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Oldest Life on Earth Unearthed in 3.48-Billion-Year-Old Australian Rocks

May 10, 2017 09:32 AM EDT
Rock Fossils
Researchers claim that that they may have uncovered what seems to be the oldest life on Earth embedded in rocks that survived for at least 3.7 billion years.
(Photo : Matt Cardy/Getty Images)

The oldest life ever found was dug up in 3.48 billion year old hot spring deposits in the Pilbara region of Western Australia.

According to a report from University of New South Wales (UNSW) Sydney, the new discovery in the Dresser Formation provided evidence that life existed much earlier than previously believed. Before this research, the oldest microbial life on land was about 2.7 to 2.9 billion years old from South Africa.

"Our exciting findings don't just extend back the record of life living in hot springs by 3 billion years, they indicate that life was inhabiting the land much earlier than previously thought, by up to about 580 million years," first author Tara Djokic explained. "This may have implications for an origin of life in freshwater hot springs on land, rather than the more widely discussed idea that life developed in the ocean and adapted to land later."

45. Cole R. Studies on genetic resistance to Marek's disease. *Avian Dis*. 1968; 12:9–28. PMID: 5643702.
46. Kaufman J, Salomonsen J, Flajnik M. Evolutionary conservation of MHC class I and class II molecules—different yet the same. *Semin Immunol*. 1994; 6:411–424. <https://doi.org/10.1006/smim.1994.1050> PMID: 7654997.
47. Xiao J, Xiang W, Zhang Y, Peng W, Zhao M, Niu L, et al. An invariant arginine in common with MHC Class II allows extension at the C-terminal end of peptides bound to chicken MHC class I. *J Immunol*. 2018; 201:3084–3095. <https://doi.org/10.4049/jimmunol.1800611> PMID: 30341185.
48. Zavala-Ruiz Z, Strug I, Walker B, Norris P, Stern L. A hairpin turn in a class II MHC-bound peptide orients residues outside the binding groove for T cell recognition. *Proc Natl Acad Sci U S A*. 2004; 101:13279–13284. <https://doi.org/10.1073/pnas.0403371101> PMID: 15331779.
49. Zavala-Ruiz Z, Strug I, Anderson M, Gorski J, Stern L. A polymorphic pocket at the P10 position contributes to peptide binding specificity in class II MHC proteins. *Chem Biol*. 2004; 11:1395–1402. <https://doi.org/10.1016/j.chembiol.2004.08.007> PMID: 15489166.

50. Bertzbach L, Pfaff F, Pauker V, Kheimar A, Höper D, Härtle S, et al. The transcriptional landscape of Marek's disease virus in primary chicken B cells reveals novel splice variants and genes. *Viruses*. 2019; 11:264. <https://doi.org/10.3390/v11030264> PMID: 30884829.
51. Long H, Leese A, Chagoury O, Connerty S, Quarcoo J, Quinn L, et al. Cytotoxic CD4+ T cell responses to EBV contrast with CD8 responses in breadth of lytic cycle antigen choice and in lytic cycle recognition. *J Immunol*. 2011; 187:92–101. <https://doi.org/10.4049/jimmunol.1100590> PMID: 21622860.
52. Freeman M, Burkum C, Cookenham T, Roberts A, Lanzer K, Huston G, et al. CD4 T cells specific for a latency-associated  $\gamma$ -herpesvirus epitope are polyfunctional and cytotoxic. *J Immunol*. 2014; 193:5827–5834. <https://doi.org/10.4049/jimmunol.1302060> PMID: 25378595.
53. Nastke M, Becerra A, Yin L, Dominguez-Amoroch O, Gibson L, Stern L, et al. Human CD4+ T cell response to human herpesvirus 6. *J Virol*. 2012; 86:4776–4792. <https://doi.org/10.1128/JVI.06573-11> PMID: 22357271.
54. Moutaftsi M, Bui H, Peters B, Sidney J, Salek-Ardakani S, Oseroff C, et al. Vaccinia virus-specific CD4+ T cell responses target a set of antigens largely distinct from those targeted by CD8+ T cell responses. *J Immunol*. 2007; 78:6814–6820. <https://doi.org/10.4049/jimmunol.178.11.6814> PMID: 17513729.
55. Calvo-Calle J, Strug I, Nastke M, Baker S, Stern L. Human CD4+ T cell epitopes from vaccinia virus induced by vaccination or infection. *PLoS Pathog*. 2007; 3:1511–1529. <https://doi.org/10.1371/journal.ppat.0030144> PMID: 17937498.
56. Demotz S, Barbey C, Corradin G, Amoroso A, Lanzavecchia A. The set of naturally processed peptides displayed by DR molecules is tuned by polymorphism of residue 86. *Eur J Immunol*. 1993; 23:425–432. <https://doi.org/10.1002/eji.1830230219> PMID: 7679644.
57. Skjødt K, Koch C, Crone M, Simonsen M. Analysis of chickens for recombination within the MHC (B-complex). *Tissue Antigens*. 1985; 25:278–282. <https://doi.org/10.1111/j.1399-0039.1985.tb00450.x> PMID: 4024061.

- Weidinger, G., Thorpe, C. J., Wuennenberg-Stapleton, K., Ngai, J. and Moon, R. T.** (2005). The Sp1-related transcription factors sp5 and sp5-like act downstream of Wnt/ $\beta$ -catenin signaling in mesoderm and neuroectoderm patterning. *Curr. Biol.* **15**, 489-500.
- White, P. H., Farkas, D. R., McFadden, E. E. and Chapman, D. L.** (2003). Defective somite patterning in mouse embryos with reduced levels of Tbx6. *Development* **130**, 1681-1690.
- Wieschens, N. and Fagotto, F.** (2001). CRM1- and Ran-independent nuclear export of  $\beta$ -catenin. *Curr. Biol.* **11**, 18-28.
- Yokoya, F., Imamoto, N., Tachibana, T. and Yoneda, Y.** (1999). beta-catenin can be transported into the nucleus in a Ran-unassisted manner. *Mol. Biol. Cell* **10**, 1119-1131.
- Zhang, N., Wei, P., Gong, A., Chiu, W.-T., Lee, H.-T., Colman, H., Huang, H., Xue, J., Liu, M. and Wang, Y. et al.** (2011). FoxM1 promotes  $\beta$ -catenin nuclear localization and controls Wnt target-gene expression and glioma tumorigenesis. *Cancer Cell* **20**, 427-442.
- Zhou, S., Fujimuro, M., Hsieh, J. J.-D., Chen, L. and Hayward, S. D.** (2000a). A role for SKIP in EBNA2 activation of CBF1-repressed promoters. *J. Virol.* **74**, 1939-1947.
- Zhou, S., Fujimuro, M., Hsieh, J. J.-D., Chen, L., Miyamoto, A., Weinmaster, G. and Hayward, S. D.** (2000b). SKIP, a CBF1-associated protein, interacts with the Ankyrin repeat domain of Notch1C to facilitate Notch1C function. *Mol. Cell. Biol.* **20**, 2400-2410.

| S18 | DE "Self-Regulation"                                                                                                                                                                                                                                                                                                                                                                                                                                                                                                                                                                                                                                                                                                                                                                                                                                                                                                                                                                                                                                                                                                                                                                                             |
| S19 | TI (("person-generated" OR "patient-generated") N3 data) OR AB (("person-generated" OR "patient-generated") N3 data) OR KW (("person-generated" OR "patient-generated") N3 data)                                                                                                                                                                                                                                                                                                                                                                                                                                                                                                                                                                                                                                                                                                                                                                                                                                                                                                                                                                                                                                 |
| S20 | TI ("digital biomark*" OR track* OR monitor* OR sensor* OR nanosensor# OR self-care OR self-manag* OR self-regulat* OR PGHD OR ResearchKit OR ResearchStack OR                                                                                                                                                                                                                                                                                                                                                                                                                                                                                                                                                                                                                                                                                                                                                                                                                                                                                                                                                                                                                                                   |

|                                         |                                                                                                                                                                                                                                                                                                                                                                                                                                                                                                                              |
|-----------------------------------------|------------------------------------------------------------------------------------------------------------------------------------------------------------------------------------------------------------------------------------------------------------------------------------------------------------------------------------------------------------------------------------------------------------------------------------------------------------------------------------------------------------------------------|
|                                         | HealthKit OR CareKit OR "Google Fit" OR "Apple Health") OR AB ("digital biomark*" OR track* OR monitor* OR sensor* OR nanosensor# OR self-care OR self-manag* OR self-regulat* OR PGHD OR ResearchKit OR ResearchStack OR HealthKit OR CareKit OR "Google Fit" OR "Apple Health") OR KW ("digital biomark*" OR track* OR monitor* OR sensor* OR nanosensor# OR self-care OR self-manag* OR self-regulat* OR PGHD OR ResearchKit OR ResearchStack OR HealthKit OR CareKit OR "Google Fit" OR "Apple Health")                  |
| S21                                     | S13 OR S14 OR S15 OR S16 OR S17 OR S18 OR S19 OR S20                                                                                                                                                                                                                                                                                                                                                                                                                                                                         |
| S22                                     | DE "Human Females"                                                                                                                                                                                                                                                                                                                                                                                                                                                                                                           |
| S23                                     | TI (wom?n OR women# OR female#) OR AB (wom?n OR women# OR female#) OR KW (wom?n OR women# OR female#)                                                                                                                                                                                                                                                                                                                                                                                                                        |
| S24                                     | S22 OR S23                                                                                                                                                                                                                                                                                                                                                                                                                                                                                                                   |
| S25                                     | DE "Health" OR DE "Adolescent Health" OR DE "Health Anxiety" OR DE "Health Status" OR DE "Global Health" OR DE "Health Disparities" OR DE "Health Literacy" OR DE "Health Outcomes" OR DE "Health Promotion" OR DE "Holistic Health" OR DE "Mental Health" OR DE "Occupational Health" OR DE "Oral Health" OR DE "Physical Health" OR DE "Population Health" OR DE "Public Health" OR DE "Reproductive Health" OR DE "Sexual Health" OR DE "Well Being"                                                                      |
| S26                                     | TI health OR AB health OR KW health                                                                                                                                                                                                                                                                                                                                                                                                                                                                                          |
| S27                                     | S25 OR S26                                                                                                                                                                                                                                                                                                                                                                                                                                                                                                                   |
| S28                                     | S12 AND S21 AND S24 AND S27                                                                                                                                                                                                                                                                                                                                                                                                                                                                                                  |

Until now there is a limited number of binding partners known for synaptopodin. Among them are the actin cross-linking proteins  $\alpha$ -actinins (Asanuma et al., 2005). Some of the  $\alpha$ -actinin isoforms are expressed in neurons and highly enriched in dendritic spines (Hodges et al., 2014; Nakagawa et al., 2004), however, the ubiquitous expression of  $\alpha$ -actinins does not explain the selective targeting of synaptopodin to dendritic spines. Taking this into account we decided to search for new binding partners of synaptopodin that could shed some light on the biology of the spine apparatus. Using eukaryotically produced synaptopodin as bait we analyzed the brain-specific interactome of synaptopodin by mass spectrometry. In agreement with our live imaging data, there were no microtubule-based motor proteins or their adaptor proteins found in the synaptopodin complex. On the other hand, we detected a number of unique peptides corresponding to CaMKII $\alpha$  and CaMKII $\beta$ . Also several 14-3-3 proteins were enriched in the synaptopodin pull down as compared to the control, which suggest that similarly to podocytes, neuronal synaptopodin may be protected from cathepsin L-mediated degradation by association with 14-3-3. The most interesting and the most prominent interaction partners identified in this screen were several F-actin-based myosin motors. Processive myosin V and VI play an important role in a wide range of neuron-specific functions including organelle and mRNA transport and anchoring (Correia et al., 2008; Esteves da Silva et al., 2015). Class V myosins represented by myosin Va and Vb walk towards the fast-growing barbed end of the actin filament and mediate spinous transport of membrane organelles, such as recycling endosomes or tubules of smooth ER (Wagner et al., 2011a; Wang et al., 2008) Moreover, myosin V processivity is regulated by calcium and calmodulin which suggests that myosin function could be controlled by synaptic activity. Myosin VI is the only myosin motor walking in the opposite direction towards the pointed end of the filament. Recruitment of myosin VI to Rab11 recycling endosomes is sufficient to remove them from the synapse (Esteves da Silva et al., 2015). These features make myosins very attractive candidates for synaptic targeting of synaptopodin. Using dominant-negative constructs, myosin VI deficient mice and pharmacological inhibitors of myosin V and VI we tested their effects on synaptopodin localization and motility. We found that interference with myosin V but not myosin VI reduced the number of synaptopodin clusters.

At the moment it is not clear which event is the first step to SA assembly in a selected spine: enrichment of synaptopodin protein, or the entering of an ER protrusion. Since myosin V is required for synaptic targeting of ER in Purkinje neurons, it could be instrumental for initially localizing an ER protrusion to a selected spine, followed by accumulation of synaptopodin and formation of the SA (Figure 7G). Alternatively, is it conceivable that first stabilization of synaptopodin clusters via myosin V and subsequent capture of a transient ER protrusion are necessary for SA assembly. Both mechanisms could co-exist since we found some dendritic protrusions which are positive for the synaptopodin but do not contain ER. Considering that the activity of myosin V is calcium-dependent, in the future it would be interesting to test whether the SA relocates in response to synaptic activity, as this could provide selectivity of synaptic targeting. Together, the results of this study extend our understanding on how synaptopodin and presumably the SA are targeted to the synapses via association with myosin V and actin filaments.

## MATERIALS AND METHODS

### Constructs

Two hypotheses can explain the origin of life: that it began in deep sea hydrothermal vents or on land as a version of Charles Darwin's "warm little pond".

"The discovery of potential biological signatures in these ancient hot springs in Western Australia provides a geological perspective that may lend weight to a land-based origin of life," Djokic added.

The Pilbara hot spring deposits were exceptionally well-preserved, and the team of scientists were able to determine that they were formed on land. Stromatolites - layered rock structures created by ancient microbes - were present in the deposits as well as other signs of early life.

Aside from improving the understanding of early Earth, the findings of the UNSW team also provided potentially useful data for the search of life on Mars. Because the Pilbara deposits are about the same age as hot spring deposits on the red planet, life may also lie preserved in Martian hot springs.

The study was published in the journal Nature Communications.

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